On that note, qi transmission is problematic because it is hard to make sure someone else is learning it properly. I know folks who have been practicing longer than me who still claim not to feel anything qi-related, and quite advanced meditators who claim to have no experience with qi. This lends to the skepticism of many empiricists who do not trust qi to be a valid experiential medium. But in my experience, qi is verily real. One teacher of mine had the strange ability to undo tension in other people by using his qi. Whether or not it’s actually qi, he did it by extending his energy into you through his hands, at the point on the upper palm, and the personal result is a hot stream of energy in your body where he sends his intent. Wild stuff. Sounds like reiki or shiatsu or whatever, but I’ve felt those things and this was something else.

Everything that exists has qi, but it differentiates from the concept of mind, in that qi is limited to the dynamics of being a life-force medium which is unknowable. The mind is itself perhaps unknowable as well, but the mind is the very intangible fabric in which all things are reflections. Qi does not have reflections, but is the subtly tangible, yet unknowable, essence behind all existences.

Tough times @ WS HQ

Posted in health, Mysticism, Occult, Stayin' Alive with tags , , , , on October 5, 2008 by wizardsmoke

I am in the midst of battling a 103-degree (Fahrenheit!) fever. I think today was the worst of it, but whoa nelly — that really could’ve been the end of me had I not taken care of it ASAP. If I were a settler on the Oregon Trail™ I would’ve certainly been done for! But it was entirely my fault to begin with, really. I saw it coming from a mile away. My one piece of advice is: remember to always get yer beauty-rest, kiddos!

The funny thing about being really bed-ridden is how it makes you look at your entire life, Ivan Ilyich-style. All the wonderful and terrible moments of one’s life become fully illuminated when one sits for days in isolation, without distractions. It must be pretty tough stuff if you’re a terrible person with demons in the subconscious (in other words, it was pretty tough stuff, ahaha!).

Towards the height of this illness, I found I could only avoid excruciating pain by maintaining a constant breath. Any shortage of breath, any moment where the breath stopped, would send blood pumping to my head. And every time blood would go to my head it felt like I was being stabbed with a knife. But continuous, meditative breathing also made it hard for my temperature to go down, since focused breathing can actually raise one’s body heat.

Anyway, the things I did mentally to get through the torture: (1) aforementioned continuous breathing, (2) objective observation of the pain itself, (3) dwelling mentally in parts of the body which were not in pain, and (4) accessing concentration via cool, icy, “water-element” images.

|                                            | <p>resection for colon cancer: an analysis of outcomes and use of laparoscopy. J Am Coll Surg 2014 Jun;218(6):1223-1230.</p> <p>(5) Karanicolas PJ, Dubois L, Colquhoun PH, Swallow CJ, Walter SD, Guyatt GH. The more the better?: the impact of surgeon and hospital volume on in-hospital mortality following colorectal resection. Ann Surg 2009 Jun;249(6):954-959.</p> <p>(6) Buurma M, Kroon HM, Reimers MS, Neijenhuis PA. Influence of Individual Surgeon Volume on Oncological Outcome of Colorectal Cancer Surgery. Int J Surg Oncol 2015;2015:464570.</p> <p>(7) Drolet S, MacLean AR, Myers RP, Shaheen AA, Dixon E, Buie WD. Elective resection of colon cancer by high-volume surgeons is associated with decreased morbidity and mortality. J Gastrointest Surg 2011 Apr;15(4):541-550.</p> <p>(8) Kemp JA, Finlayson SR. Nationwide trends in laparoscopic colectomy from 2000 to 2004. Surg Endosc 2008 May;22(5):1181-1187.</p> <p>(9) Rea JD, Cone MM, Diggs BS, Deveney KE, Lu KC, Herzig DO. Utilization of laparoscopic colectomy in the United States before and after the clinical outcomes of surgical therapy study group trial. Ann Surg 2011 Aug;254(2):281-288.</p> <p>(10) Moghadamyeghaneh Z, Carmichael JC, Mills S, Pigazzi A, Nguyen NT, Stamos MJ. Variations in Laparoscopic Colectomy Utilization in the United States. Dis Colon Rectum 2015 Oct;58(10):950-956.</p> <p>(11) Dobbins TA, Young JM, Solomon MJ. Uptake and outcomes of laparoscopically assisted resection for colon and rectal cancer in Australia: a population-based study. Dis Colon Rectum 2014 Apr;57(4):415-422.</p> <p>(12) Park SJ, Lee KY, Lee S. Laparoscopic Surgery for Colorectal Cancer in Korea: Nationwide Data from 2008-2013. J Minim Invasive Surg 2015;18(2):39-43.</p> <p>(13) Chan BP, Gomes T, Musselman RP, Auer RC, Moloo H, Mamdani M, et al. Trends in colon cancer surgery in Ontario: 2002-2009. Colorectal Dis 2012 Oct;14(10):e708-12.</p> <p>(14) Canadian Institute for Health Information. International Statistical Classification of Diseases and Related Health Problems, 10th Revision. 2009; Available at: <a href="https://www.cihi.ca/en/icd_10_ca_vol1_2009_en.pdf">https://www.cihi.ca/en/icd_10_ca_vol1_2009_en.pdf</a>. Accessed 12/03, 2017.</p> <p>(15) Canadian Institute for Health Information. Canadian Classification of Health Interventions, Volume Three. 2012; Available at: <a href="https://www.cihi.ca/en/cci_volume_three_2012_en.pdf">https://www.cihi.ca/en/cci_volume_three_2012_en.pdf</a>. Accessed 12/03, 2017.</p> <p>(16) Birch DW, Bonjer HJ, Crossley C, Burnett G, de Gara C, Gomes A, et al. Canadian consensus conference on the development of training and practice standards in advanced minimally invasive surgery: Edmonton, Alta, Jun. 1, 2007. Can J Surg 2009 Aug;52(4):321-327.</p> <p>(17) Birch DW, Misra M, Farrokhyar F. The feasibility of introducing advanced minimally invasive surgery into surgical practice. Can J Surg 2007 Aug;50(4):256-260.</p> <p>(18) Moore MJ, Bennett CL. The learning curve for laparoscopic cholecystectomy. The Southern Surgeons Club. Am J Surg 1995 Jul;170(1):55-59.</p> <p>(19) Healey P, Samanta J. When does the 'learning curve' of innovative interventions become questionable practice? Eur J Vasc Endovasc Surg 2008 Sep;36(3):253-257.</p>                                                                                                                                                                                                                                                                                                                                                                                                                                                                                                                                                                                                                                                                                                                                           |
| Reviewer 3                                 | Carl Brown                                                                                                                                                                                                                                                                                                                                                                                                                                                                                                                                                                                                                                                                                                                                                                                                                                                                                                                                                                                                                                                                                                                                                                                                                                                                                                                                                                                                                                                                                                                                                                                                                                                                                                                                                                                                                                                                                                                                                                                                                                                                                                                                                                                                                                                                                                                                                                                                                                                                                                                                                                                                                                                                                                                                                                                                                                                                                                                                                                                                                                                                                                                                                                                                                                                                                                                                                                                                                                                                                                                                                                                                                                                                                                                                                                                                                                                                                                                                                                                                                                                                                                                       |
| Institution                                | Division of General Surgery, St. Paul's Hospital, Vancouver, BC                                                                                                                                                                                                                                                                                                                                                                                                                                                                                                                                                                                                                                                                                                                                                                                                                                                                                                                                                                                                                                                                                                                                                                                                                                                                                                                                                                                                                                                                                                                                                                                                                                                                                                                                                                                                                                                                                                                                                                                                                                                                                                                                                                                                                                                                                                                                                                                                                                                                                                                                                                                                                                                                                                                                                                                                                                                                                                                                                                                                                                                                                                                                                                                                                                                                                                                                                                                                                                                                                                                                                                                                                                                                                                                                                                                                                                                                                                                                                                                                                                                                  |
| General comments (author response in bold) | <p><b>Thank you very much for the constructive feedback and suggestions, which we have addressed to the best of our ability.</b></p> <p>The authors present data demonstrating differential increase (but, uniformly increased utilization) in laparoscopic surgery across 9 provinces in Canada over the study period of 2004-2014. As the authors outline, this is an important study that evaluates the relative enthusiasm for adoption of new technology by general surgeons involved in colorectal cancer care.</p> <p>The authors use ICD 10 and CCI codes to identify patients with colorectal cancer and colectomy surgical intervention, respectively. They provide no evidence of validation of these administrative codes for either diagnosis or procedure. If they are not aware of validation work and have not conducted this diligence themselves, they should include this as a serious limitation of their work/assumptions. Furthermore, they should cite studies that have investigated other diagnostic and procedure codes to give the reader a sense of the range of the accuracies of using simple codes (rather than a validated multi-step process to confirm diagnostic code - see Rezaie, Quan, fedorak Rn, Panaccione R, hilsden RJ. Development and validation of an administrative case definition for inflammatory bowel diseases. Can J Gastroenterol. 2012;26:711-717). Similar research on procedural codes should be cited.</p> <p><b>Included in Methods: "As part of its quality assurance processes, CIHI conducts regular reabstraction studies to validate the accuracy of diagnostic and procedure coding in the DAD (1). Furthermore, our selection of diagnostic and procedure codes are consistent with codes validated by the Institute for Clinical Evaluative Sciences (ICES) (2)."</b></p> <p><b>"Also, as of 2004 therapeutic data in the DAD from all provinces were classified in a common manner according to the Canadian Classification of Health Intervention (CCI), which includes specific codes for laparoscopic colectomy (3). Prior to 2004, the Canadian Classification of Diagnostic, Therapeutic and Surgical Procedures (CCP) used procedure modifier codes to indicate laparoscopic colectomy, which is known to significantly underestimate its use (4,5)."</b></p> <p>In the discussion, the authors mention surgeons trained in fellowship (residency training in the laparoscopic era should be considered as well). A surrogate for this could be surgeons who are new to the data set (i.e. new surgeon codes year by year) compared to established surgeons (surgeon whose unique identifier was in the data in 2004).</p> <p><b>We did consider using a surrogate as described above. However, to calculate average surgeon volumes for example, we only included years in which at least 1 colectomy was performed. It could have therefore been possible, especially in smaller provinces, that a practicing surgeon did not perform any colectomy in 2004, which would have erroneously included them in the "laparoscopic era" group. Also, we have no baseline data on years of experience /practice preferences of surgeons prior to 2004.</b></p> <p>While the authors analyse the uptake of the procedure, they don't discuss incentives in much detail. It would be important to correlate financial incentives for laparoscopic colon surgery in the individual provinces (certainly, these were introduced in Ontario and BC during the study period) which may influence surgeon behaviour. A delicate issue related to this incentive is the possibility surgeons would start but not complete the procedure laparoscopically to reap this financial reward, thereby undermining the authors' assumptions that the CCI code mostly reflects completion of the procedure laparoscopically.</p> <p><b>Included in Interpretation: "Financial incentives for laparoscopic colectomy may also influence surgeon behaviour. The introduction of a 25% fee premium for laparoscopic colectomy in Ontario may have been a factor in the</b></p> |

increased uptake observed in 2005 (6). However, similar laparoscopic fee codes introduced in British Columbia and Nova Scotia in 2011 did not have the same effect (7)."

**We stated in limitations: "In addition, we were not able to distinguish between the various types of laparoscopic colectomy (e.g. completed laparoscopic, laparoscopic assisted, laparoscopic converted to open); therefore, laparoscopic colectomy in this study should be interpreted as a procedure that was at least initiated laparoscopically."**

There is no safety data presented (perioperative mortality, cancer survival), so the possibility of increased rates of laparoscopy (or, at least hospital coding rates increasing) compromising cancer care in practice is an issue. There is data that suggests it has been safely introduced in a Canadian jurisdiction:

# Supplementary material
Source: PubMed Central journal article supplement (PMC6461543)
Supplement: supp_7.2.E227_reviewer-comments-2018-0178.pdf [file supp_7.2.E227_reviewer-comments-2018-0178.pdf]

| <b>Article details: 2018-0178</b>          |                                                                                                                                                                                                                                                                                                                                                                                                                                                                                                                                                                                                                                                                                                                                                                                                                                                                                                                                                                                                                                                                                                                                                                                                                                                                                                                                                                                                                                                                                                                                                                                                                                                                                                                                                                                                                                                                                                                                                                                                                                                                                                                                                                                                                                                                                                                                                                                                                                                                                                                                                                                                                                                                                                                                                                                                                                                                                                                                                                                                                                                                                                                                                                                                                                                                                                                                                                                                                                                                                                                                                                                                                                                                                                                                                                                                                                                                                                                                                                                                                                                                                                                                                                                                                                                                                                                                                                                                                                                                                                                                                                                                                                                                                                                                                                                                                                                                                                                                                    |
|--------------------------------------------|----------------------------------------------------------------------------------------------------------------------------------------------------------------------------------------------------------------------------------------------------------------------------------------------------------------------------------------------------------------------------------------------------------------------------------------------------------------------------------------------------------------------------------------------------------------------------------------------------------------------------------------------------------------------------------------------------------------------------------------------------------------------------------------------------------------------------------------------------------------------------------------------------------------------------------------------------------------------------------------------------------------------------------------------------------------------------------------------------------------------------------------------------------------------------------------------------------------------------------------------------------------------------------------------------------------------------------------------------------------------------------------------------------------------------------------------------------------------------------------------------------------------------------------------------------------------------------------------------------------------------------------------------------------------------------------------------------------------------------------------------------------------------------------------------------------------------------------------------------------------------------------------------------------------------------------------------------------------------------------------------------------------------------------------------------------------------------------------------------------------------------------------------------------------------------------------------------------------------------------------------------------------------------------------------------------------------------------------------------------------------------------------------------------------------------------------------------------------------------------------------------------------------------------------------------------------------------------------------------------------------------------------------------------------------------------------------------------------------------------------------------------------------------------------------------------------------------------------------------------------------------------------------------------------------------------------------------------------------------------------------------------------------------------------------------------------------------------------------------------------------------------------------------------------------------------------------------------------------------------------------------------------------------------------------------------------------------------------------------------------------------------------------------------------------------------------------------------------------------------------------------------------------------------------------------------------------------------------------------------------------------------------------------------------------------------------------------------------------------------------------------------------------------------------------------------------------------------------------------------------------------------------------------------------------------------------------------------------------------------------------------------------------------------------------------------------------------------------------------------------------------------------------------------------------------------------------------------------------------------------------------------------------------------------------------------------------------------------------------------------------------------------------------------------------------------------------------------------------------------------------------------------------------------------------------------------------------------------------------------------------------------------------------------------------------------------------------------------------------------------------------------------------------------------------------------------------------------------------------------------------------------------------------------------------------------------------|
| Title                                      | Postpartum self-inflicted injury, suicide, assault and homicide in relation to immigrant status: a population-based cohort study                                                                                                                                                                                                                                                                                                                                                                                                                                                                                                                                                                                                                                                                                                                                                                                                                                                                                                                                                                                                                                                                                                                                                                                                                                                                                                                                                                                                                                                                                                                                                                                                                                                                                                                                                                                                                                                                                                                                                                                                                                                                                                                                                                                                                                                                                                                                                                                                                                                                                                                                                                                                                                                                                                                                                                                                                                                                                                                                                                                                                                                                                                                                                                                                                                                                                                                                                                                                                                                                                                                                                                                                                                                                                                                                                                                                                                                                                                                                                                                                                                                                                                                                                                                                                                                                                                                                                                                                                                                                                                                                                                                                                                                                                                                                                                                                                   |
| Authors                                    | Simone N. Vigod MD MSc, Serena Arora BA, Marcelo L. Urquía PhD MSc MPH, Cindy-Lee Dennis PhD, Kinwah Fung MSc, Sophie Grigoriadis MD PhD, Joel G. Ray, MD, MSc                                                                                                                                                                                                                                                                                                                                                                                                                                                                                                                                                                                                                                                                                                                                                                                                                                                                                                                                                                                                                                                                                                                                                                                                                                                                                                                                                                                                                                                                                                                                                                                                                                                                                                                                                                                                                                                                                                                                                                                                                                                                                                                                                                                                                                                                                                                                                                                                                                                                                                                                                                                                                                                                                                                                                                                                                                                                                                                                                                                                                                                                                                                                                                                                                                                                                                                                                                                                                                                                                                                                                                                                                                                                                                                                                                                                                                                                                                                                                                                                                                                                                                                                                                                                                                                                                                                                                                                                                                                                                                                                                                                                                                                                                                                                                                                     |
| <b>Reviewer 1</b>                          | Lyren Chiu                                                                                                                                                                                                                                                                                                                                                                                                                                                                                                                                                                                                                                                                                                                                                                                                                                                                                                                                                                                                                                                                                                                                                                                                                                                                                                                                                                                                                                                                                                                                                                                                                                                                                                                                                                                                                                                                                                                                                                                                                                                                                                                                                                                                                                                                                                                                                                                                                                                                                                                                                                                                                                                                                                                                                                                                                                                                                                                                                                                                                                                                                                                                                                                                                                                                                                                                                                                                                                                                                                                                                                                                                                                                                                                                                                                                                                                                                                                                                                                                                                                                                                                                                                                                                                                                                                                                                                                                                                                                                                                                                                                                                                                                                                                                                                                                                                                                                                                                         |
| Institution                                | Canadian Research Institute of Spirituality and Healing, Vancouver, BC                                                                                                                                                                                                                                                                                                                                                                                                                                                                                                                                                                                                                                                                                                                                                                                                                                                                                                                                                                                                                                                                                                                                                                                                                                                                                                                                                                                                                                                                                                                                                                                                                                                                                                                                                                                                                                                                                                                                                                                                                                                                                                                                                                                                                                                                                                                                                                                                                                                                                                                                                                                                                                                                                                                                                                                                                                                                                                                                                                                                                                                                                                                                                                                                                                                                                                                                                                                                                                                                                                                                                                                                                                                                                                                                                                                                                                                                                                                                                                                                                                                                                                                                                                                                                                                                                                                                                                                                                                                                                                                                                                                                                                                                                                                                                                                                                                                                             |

Plus wet washcloths and all that junk.

And now it’s on to the final round. Tut, tut! Don’t abandon us yet, dear readers! ‘Smoke has plenty of fight in him left!

Great Western Jhanic Diffusion

Posted in Buddhism, Monasticism, Reality Bites, Religion, Ultimate Reality with tags , , , , , on February 21, 2008 by wizardsmoke

Jhana seems to be a pretty hot (or touchy) topic for internet Buddhists, recently due in part to the efforts and gradual influence of Jeffrey S. Brooks (a.k.a. Jhanananda).

Jeff is a “self-ordained” monk who lives out of his van in the southwestern US, often traveling to teach or take up retreat or temporary residence at various locations. His teaching is marked by open discourse on “jhanas” (ecstatic states of concentration beyond the physical senses), which is supposedly a big no-no in open Buddhist discussions. Discussions on an individual’s progress in meditative absorption should be in secret between student and teacher, and the jhanas are (according to Jeff) not encouraged among the Buddhist orthodoxy. It’s a rule, such as the one delegating that monks cannot brag about their attainments or abilities achieved during or by meditation.

There are a number of reasons Jeff ruffles a few feathers in his open discourse.

The first is that he is not a Buddhist teacher recognized by any legitimate lineage or heritage — his radical opinions are his own. It seems he was not allowed into his local Theravada or Zen monastic lineages for reasons that are not entirely clear and so one can only speculate upon. He says he was rejected proper ordination for his individual progress in jhana; others have said he simply was seeking official recognition as a realized individual and Buddhist teacher and so was refused.

Also, Jeff’s discourses are overwhelmingly concentrated on the jhanas. Indeed, his entire message seems to be that the jhanas are the meat and potatoes of the Buddhist path and that one’s path can only progress by experiences in these mental absorption states. He emphasizes that the Eight-Fold path actually arises from deep suffusion in jhana. This goes against the way jhanas are introduced early on in Buddhist meditation practice; they are rarely emphasized, similarly to magic powers, because they easily become obstacles and create conscious intentions in the mind of the student.

Additionally, there’s his method of discourse. Jeff appears on many Buddhist message boards (such as E-Sangha or the Buddhist Society of Western Australia) and proceeds to describe his experiences in great detail. It’s interesting reading, for sure, and the guy isn’t lying about his experiences. However, there is a sort of evangelical strain to his preaching. He decries others for censoring him, criticizes other Buddhist teachers, claims his own path as being the only one with real understanding, and talks about how he’s a martyr long before anyone does anything except tell him his jhana-obsession is questionable. At the very least, he is as extreme in his viewpoint as the most extreme people who oppose him.